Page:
How To Photograph Flowers, Part 6

How To Photograph Flowers, Part 6

© Jerry Rice - NYI Instructor

Shadows and reflections can be part of the photo. In the picture to the left, NYI Instructor Jerry Rice used glossy blue paper as the background. At first glance, you might think this is the blue of the sky. But then you see the heavy shadow of the flower. The shadow helps make this picture! It's a wonderful part of the composition. And we know that you don't see shadows like this in the sky.

What color background? You are limited only by your imagination and the availability of supplies. Our suggestion: Use a background color that contrasts with the color of the flowers. If the flower is red, don't use a red background...etc. Neutral colors like gray, black, white, and beige are good if the flower is very colorful. If the flower is a neutral color - like the white lilies, above - a more vibrant background color is usually better.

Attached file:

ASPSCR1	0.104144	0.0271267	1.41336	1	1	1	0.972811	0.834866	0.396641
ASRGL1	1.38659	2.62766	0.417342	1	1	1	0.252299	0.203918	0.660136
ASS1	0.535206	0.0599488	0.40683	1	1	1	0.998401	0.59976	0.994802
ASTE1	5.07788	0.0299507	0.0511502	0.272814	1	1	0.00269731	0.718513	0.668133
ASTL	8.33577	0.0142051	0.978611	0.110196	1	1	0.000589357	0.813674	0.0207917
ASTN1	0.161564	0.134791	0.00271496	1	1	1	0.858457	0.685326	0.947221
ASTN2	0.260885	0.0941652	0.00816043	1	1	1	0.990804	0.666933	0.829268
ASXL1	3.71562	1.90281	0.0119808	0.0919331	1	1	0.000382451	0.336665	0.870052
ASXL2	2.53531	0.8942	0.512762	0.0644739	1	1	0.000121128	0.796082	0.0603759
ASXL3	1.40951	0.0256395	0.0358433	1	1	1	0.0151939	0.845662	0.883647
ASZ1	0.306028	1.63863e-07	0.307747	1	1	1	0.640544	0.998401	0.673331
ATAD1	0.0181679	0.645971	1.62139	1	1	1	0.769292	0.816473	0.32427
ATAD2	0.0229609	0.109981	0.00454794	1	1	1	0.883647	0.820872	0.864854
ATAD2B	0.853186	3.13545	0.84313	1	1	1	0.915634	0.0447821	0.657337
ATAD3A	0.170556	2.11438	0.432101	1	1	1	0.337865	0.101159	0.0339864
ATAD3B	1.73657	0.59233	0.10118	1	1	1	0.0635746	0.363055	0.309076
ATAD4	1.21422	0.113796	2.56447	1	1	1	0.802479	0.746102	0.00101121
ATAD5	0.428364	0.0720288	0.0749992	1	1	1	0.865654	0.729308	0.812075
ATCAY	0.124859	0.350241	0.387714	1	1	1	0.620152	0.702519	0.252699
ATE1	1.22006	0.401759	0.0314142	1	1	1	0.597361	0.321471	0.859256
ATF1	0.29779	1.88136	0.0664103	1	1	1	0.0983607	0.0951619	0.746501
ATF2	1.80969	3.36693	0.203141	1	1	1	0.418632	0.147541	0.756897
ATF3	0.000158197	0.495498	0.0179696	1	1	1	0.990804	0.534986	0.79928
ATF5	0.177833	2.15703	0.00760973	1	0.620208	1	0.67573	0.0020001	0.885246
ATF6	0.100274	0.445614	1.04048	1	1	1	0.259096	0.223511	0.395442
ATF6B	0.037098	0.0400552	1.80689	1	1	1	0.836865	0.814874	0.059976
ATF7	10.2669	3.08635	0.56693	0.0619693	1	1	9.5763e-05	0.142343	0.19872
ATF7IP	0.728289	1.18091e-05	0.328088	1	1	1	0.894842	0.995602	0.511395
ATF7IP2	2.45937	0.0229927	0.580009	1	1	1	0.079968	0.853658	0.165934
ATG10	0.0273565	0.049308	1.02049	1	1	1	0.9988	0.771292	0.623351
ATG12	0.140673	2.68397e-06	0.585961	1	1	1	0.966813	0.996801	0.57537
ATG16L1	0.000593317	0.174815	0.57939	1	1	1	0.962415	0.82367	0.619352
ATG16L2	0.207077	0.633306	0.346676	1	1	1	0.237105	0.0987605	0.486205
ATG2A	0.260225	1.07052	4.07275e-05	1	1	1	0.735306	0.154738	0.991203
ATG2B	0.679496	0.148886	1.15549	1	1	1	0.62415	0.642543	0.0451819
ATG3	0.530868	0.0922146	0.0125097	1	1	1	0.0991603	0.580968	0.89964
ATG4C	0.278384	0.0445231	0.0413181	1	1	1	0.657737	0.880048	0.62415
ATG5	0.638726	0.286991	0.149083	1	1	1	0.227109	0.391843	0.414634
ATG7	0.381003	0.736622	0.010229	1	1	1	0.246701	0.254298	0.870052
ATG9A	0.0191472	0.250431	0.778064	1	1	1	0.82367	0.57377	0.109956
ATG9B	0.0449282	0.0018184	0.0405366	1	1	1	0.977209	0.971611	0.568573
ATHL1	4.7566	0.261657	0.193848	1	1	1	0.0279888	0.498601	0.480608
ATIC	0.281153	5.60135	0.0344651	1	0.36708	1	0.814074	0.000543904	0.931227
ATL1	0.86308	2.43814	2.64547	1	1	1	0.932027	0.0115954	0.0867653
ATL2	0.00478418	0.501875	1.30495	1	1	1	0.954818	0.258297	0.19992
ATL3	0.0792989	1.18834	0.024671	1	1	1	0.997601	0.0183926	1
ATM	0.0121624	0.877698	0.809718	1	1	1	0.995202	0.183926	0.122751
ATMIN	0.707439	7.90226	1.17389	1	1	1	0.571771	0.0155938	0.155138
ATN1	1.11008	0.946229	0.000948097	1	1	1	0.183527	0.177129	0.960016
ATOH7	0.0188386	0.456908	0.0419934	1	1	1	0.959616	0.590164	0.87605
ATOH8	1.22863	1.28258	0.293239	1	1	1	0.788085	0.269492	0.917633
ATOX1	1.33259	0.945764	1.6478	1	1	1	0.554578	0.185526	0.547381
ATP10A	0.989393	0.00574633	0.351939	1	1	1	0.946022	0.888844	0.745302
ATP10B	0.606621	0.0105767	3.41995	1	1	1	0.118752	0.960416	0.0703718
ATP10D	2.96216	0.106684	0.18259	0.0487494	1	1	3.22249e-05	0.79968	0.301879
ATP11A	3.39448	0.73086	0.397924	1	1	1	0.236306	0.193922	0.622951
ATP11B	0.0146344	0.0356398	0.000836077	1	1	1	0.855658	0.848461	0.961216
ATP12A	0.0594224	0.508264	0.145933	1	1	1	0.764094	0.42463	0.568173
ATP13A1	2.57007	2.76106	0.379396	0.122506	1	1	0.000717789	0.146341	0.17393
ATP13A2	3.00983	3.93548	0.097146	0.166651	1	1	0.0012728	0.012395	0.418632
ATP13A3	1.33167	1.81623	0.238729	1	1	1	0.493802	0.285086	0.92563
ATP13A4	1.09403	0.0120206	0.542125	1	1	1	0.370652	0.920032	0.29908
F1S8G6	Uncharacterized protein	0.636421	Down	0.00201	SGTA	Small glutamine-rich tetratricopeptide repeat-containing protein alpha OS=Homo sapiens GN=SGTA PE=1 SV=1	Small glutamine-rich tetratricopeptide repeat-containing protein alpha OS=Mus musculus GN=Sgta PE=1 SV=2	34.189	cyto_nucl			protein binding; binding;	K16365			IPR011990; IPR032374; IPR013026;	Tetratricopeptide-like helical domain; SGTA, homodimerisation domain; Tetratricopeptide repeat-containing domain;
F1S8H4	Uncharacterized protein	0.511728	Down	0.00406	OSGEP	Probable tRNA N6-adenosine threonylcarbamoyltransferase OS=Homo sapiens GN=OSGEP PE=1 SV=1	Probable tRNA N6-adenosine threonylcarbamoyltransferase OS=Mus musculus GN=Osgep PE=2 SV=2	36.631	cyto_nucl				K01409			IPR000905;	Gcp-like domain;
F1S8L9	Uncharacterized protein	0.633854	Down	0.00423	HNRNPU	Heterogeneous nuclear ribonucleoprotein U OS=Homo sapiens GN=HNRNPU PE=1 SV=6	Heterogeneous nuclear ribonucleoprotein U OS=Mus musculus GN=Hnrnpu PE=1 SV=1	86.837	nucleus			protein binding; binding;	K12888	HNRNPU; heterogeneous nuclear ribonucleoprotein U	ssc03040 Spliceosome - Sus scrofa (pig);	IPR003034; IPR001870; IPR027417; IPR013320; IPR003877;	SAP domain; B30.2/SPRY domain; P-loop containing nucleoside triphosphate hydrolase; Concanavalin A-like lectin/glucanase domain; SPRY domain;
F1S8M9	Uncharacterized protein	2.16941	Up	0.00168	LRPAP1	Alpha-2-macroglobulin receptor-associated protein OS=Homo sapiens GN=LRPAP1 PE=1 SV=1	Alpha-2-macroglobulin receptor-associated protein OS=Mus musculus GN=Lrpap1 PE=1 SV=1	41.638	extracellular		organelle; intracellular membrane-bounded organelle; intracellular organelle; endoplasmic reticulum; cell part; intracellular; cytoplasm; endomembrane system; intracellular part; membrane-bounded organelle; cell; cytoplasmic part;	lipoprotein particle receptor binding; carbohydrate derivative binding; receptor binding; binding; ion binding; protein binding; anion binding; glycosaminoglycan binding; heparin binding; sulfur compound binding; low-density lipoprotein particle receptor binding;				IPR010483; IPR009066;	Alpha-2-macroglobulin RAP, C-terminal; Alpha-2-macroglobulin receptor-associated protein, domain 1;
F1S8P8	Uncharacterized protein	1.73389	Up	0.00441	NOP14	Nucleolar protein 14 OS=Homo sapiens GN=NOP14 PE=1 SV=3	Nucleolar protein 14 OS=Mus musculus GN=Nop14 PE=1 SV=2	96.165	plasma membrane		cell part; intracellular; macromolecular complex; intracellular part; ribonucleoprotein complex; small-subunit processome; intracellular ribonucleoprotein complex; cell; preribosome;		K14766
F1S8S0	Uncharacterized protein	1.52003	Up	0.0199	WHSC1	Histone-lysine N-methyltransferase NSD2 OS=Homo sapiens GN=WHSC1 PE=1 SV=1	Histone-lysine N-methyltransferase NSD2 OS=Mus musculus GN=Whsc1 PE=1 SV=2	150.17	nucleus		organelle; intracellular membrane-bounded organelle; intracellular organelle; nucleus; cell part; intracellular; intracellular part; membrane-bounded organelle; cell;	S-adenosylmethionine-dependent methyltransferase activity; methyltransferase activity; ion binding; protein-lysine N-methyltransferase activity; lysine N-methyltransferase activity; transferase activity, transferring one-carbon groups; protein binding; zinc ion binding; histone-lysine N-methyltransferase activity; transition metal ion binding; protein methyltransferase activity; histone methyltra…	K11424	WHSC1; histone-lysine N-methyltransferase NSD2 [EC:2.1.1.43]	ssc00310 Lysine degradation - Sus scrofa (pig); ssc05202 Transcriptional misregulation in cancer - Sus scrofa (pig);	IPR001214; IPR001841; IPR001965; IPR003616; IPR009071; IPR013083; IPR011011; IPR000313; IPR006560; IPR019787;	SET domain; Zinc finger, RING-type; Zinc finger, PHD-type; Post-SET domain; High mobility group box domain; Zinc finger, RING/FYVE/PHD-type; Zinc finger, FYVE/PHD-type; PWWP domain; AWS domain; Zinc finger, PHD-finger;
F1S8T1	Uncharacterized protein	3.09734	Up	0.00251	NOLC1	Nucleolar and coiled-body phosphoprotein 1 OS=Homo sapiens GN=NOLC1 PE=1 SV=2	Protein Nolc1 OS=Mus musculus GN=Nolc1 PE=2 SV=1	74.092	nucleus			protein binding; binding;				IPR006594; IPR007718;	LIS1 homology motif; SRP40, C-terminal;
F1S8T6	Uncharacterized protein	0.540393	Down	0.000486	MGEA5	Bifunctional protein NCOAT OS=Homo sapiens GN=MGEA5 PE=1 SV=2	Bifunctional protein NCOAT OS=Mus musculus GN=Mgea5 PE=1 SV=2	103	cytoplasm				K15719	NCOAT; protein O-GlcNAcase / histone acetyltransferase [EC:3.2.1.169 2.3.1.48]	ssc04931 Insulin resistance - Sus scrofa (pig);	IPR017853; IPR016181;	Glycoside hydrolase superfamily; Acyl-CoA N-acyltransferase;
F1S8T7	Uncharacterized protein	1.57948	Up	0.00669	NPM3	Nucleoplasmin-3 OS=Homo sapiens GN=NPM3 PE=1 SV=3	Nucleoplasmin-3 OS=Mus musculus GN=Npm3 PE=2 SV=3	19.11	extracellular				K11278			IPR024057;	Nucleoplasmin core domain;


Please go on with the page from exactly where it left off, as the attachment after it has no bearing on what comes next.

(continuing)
What lighting? Any light source can do. If you're outdoors, consider natural sunlight. Indoors, you'll probably use flash. Just be aware of the possibility of a hard shadow, and decide in advance if you want your picture to include that shadow, or you want it to be outside the frame.

NYI Dean Chuck DeLaney reports that in warm weather he wanders out after dark and shoots flowers using only his on-camera flash, as in this picture of June-blooming peonies. The concentrated light of his on-camera flash gives sharp definition to the flowers. Further, because it's pitch-black out, the background is usually totally dark.

© Chuck DeLaney - NYI Dean

Other backgrounds. Don't overlook other possible backgrounds. Perhaps you want a background that has texture, like the slate in this picture. (Hint: To bring out texture, have your lighting come from the side.)

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